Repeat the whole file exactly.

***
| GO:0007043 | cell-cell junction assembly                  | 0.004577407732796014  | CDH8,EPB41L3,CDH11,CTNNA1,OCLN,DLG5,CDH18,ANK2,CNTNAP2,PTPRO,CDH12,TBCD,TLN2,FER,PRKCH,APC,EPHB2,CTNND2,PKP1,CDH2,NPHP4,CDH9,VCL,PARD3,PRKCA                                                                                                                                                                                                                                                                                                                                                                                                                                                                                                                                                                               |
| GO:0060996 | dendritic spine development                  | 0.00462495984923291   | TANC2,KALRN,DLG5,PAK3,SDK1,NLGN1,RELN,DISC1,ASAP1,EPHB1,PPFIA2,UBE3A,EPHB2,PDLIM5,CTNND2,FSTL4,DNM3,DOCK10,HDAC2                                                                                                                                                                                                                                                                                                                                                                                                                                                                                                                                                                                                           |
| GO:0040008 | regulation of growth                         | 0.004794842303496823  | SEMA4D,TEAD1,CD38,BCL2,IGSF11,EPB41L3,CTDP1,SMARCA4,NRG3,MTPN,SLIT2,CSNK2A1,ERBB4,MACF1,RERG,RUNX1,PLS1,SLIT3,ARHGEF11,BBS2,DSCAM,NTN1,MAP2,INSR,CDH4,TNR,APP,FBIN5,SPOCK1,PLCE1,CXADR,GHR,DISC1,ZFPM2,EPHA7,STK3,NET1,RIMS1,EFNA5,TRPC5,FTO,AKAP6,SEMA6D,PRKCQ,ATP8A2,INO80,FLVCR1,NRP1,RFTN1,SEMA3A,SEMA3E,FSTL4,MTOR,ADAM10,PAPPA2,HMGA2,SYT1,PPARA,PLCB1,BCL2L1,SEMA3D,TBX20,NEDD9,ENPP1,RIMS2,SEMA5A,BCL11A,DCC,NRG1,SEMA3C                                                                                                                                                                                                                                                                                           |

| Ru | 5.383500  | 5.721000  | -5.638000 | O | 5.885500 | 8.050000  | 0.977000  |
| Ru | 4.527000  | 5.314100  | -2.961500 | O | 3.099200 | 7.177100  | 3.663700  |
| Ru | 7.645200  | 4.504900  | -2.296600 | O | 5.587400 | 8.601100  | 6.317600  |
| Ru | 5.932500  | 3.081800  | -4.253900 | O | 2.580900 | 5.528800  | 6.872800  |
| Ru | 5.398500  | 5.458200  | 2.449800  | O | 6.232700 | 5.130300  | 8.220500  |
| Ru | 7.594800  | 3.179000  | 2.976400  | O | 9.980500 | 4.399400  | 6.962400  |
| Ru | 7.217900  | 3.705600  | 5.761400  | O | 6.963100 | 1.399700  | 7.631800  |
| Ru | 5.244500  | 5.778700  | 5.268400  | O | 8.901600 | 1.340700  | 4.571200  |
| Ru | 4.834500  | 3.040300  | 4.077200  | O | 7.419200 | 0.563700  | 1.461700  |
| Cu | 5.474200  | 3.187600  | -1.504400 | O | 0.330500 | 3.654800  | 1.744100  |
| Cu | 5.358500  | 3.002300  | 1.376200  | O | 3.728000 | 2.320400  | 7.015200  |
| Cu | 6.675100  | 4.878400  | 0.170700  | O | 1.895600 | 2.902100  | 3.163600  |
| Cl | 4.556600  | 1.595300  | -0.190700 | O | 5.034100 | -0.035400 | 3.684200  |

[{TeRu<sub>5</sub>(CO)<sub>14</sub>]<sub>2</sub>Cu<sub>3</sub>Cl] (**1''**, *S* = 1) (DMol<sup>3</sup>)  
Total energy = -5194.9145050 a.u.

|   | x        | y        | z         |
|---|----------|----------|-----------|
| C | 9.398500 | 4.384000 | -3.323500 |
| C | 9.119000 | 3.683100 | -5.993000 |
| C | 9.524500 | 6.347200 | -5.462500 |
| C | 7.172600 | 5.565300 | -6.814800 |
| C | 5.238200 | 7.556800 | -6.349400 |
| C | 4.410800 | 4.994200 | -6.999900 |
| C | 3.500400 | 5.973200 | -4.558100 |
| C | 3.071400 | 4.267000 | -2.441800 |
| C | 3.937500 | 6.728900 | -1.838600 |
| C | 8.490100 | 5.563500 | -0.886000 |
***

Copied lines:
| GO:0007043 | cell-cell junction assembly                  | 0.004577407732796014  | CDH8,EPB41L3,CDH11,CTNNA1,OCLN,DLG5,CDH18,ANK2,CNTNAP2,PTPRO,CDH12,TBCD,TLN2,FER,PRKCH,APC,EPHB2,CTNND2,PKP1,CDH2,NPHP4,CDH9,VCL,PARD3,PRKCA                                                                                                                                                                                                                                                                                                                                                                                                                                                                                                                                                                               |
| GO:0060996 | dendritic spine development                  | 0.00462495984923291   | TANC2,KALRN,DLG5,PAK3,SDK1,NLGN1,RELN,DISC1,ASAP1,EPHB1,PPFIA2,UBE3A,EPHB2,PDLIM5,CTNND2,FSTL4,DNM3,DOCK10,HDAC2                                                                                                                                                                                                                                                                                                                                                                                                                                                                                                                                                                                                           |
| GO:0040008 | regulation of growth                         | 0.004794842303496823  | SEMA4D,TEAD1,CD38,BCL2,IGSF11,EPB41L3,CTDP1,SMARCA4,NRG3,MTPN,SLIT2,CSNK2A1,ERBB4,MACF1,RERG,RUNX1,PLS1,SLIT3,ARHGEF11,BBS2,DSCAM,NTN1,MAP2,INSR,CDH4,TNR,APP,FBIN5,SPOCK1,PLCE1,CXADR,GHR,DISC1,ZFPM2,EPHA7,STK3,NET1,RIMS1,EFNA5,TRPC5,FTO,AKAP6,SEMA6D,PRKCQ,ATP8A2,INO80,FLVCR1,NRP1,RFTN1,SEMA3A,SEMA3E,FSTL4,MTOR,ADAM10,PAPPA2,HMGA2,SYT1,PPARA,PLCB1,BCL2L1,SEMA3D,TBX20,NEDD9,ENPP1,RIMS2,SEMA5A,BCL11A,DCC,NRG1,SEMA3C                                                                                                                                                                                                                                                                                           |

| Ru | 5.383500  | 5.721000  | -5.638000 | O | 5.885500 | 8.050000  | 0.977000  |
| Ru | 4.527000  | 5.314100  | -2.961500 | O | 3.099200 | 7.177100  | 3.663700  |
| Ru | 7.645200  | 4.504900  | -2.296600 | O | 5.587400 | 8.601100  | 6.317600  |
| Ru | 5.932500  | 3.081800  | -4.253900 | O | 2.580900 | 5.528800  | 6.872800  |
| Ru | 5.398500  | 5.458200  | 2.449800  | O | 6.232700 | 5.130300  | 8.220500  |
| Ru | 7.594800  | 3.179000  | 2.976400  | O | 9.980500 | 4.399400  | 6.962400  |
| Ru | 7.217900  | 3.705600  | 5.761400  | O | 6.963100 | 1.399700  | 7.631800  |
| Ru | 5.244500  | 5.778700  | 5.268400  | O | 8.901600 | 1.340700  | 4.571200  |
| Ru | 4.834500  | 3.040300  | 4.077200  | O | 7.419200 | 0.563700  | 1.461700  |
| Cu | 5.474200  | 3.187600  | -1.504400 | O | 0.330500 | 3.654800  | 1.744100  |
| Cu | 5.358500  | 3.002300  | 1.376200  | O | 3.728000 | 2.320400  | 7.015200  |
| Cu | 6.675100  | 4.878400  | 0.170700  | O | 1.895600 | 2.902100  | 3.163600  |
| Cl | 4.556600  | 1.595300  | -0.190700 | O | 5.034100 | -0.035400 | 3.684200  |

[{TeRu<sub>5</sub>(CO)<sub>14</sub>]<sub>2</sub>Cu<sub>3</sub>Cl] (**1''**, *S* = 1) (DMol<sup>3</sup>)  
Total energy = -5194.9145050 a.u.

|   | x        | y        | z         |
|---|----------|----------|-----------|
| C | 9.398500 | 4.384000 | -3.323500 |
| C | 9.119000 | 3.683100 | -5.993000 |
| C | 9.524500 | 6.347200 | -5.462500 |
| C | 7.172600 | 5.565300 | -6.814800 |
| C | 5.238200 | 7.556800 | -6.349400 |
| C | 4.410800 | 4.994200 | -6.999900 |
| C | 3.500400 | 5.973200 | -4.558100 |
| C | 3.071400 | 4.267000 | -2.441800 |
| C | 3.937500 | 6.728900 | -1.838600 |
| C | 8.490100 | 5.563500 | -0.886000 |